Colour charts for use in taxonomic descriptions of plants and animals were published from the last years of the seventeenth century.
The page above is one of thirteen in a wonderful little volume, whose second edition appeared in 1821 – Patrick Syme’s revision of Werner’s Nomenclature of Colours. A copy of this work was carried by the naturalist Charles Darwin on his voyage in the Beagle. In January 1833, he recorded his first sighting in a small field notebook:
This was presumably a term that he would have taken from the page of Greens below, where two (bluish) colours are described as Beryl under the heading “Mineral”
When The Reverend Leonard Jenyns wrote up the description and classification of the fishes that Darwin had seen and brought back (preserved in spirits of wine) he used Darwin’s notes and his own copy of (Syme’s revision of) Werner’s Nomenclature. The book was invaluable as the fish specimens were, in Jenyns words, “much altered by the action of the spirits”.
The strong solution of ethanol in water had a bleaching effect, and today these specimens are a ghostly white.
Abraham Gottlob Werner (1749-1817), was an eminent mineralogist and geologist, who was Bergmeister at the mining school in Freiberg , Saxony. In his 1774 book On the External Characteristics of Minerals he put forward a system for the classification of colour in order to describe and classify all characteristics of “fossils”—rocks and minerals dug out of the earth. Werner’s system was known to natural philosophers – other than geologists – and was considered a valuable aid for the organisation of colour into the nineteenth century, in spite of a number of recognised drawbacks.
Patrick Syme (1774-1845) was an Edinburgh flower painter and teacher of art. He was introduced to Werner’s work through another resident of the city, Robert Jameson, one of Werner’s favourite pupils. Jameson reconstructed Werner’s colours from his list using actual minerals, and these formed the basis for Syme’s colour samples. Given the artist’s attention to detail it is unlikely that the hand-colouring was assigned to anyone but himself.
Syme extended Werner’s 79 colours to 110, identifying each by its familiar name, as well as providing an Animal, Vegetable and Mineral equivalent – for example:
When I first came across the book in the 1980s, Ian Gow (now the Head Curator of the NTS) told me how Syme and his family would sit around a table in the evening painting colour samples that would then be cut up to stick in the Nomenclature. At the time I felt an affinity with that other Patrick, as this was how my wife and I spent our evenings – painting colour cards for our first range of Historical Colours. How ironic that twenty years later I should find myself (still) doing the same with our latest collection of colours, which have been taken from Syme’s work.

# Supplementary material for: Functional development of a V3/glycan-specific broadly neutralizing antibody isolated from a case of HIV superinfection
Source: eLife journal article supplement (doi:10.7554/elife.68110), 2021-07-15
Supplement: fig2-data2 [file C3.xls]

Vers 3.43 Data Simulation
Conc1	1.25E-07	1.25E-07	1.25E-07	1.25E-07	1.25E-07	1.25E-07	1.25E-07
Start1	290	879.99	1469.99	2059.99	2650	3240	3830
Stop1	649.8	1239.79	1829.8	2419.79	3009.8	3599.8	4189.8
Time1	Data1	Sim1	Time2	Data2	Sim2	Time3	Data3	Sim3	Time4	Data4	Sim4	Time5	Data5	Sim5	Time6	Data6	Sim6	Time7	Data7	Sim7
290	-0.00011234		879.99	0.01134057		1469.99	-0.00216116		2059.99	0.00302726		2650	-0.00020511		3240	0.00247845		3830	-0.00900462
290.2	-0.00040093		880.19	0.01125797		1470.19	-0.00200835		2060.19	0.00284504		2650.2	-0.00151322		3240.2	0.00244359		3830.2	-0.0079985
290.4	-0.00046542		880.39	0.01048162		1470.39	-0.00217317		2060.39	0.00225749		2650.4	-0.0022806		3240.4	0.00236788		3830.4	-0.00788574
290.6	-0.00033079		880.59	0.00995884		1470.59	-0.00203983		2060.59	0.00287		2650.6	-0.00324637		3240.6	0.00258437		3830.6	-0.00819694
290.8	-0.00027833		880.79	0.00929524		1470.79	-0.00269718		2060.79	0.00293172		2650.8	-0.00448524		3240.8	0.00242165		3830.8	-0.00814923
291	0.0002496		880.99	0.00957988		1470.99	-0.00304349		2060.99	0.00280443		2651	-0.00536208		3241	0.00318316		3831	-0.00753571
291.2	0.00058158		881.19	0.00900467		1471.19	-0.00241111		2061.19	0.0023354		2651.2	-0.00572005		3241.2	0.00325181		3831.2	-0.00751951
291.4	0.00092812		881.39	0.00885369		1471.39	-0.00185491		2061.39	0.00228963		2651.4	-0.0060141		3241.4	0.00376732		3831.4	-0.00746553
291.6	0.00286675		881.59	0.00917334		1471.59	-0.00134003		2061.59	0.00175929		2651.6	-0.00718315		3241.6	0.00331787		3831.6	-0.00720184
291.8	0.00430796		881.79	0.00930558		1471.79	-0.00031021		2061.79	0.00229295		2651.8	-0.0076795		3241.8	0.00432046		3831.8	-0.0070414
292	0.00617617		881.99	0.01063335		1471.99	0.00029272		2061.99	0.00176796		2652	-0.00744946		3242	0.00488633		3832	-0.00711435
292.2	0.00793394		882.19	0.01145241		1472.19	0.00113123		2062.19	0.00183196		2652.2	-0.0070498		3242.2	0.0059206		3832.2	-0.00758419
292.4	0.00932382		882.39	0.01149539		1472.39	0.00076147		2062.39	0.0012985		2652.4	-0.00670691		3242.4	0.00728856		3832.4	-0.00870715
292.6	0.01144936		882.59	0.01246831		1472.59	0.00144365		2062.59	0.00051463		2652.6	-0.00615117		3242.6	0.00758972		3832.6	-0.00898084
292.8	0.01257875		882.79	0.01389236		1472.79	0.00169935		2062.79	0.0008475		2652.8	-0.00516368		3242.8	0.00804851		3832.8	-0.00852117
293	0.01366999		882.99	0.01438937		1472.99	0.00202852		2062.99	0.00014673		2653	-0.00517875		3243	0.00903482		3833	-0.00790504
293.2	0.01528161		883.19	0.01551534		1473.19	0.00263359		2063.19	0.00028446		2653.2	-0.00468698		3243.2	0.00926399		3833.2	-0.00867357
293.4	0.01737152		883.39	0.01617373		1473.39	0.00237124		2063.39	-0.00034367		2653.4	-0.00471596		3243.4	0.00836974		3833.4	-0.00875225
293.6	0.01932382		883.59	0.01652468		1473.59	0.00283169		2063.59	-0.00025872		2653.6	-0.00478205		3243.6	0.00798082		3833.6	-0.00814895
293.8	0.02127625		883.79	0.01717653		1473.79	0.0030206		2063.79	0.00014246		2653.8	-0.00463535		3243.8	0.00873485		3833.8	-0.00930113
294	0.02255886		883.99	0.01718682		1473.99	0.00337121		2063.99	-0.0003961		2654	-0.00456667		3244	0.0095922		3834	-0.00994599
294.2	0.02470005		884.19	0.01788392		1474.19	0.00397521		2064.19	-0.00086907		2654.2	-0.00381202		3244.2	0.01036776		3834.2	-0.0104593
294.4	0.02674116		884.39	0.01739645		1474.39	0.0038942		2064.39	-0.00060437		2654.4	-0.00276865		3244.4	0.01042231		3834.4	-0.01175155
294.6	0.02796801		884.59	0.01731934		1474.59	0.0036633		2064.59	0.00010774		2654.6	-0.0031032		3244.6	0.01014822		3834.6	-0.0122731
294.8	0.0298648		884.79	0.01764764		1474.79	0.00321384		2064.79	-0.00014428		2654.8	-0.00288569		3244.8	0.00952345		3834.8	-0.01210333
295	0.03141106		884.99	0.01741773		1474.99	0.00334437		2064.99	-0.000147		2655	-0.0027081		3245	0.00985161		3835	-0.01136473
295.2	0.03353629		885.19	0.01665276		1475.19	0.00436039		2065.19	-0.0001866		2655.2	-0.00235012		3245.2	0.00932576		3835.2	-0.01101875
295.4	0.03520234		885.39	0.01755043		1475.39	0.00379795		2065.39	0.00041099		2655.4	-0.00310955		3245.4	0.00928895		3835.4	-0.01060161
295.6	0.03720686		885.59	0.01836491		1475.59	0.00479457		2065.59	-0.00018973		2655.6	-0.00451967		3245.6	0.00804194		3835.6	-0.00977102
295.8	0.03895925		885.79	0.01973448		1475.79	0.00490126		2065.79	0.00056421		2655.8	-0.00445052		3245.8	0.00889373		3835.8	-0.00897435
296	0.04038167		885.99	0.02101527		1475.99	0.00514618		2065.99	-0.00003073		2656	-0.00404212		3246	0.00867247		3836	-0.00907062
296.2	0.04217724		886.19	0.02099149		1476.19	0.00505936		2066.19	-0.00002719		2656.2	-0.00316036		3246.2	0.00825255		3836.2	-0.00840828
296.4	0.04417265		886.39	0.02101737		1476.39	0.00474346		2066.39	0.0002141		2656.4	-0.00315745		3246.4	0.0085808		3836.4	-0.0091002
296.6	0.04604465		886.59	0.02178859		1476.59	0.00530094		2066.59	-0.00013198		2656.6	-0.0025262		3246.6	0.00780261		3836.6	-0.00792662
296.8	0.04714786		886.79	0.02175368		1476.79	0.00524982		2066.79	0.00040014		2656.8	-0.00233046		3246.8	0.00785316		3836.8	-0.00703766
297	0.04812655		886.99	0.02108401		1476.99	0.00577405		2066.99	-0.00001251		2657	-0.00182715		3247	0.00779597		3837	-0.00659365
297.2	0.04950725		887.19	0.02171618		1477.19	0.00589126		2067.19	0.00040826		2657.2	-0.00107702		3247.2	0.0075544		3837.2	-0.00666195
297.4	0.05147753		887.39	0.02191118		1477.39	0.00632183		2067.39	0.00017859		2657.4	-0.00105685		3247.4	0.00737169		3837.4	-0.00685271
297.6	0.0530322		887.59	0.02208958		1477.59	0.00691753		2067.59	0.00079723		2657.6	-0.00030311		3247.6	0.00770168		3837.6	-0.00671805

Now that I have my own copy of the book I have been able to measure each of the colours using a spectrophotometer and can reproduce them in modern house-paint. It must be said that not all the colours are immediately relevant for the decoration of houses – try as I might, I don’t think that I could ever see Arterial Blood Red appealing to our South Kensington ladies (perhaps I shall give the colour its Animal name Head of the Cock Gold-Finch).
However, there are some wonderfully subtle colours –
I and my colleagues at Papers and Paints shall start by reproducing a selection of the colours and if there is sufficient demand will slowly match all 110. Who knows, after that my next move might be to reproduce Ridgway…
Finally, I juxtapose a short verse from Darwin’s great-great-granddaughter, the poet Ruth Padel, with a page from Syme’s revision of the Nomenclature. In her Darwin: A Life in Poems she draws his “voice” from direct but carefully adjusted quotations from letters, journals and notebooks and shows how invaluable Werner’s Nomenclature would have been to the naturalist as he observed the exotic wildlife on the Galapagos Islands:
inviting. A broken field of black basaltic lava
thrown into most rugged waves and crossed
by fissures.’ Lava tubes, tuff cones and bright,
red-orange crabs. A land iguana! One saffron
leathery elbow, powdery as lichen, sticking out
The aptly named Darwin the Iguana is shown just below the sample of Saffron Yellow:
Sarah Lowengard – The Creation of Color in Eighteenth-Century Europe
Charles B. Wood
Bath Royal Literary & Scientific Institution
David Ramsey Hay
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